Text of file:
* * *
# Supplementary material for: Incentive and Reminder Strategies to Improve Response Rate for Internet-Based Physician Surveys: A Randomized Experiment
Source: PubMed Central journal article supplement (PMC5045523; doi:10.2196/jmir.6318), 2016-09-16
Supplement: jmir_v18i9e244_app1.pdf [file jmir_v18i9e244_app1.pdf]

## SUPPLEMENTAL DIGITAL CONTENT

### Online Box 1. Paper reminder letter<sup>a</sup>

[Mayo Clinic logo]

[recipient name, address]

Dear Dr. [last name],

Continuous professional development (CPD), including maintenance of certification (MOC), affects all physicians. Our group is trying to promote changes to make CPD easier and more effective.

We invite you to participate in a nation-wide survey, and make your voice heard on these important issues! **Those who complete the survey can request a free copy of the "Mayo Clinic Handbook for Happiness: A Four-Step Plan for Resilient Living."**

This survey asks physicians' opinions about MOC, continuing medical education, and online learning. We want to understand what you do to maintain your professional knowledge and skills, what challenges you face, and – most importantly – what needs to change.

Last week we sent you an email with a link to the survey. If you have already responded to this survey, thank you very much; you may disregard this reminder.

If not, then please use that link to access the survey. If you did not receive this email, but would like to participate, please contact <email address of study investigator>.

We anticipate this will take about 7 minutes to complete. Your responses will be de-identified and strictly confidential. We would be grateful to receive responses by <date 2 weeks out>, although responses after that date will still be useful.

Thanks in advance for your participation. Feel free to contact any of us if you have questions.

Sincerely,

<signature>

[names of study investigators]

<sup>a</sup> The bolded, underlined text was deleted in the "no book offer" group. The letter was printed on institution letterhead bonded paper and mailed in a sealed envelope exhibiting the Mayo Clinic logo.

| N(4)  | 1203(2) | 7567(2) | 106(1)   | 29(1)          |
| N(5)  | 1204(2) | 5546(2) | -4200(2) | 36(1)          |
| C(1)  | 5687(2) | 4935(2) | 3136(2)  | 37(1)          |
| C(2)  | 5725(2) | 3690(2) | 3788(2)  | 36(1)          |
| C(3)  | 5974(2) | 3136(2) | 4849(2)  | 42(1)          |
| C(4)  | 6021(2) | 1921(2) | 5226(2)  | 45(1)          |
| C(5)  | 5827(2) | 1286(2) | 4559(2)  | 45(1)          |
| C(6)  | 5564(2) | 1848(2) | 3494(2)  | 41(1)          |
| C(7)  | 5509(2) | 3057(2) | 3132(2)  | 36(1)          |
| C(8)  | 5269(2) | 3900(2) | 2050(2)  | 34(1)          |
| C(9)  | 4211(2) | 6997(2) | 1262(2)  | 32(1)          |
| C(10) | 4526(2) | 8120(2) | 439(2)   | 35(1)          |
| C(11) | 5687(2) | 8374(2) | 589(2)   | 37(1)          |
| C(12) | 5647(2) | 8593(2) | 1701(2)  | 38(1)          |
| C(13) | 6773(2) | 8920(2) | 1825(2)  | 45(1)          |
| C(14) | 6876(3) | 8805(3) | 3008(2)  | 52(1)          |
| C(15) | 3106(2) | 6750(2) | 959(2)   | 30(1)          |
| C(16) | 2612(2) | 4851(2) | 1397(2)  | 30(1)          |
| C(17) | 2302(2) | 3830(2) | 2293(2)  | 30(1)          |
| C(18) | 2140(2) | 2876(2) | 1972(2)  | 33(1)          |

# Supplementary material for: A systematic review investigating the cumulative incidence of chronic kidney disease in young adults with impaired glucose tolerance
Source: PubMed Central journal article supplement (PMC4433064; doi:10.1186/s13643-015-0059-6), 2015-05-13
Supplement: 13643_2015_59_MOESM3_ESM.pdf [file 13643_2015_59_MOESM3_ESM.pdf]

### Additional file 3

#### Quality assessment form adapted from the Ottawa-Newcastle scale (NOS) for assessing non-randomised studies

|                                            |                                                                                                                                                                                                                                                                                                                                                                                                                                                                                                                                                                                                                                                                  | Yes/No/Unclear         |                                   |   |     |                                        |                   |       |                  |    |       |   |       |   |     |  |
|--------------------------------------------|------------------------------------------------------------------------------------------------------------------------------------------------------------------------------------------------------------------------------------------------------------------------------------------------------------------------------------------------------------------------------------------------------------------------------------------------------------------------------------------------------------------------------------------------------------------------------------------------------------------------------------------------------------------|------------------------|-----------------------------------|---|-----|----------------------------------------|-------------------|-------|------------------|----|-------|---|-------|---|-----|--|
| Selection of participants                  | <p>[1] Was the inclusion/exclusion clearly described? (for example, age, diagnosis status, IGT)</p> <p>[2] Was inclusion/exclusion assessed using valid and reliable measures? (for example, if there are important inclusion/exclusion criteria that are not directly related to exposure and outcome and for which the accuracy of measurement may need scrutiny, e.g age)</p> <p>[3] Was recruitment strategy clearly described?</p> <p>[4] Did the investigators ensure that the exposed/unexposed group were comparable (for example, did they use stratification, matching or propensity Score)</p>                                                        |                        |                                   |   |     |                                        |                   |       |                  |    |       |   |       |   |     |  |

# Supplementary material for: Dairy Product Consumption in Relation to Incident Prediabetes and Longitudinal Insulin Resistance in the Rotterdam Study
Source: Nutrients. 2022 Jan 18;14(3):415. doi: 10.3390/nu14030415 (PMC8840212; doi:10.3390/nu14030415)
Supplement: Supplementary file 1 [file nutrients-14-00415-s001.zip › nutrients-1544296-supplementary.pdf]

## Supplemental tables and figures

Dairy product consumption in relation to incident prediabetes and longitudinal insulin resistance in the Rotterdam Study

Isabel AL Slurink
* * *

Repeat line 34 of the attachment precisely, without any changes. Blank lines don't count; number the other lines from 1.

| C(13) | 6773(2) | 8920(2) | 1825(2)  | 45(1)          |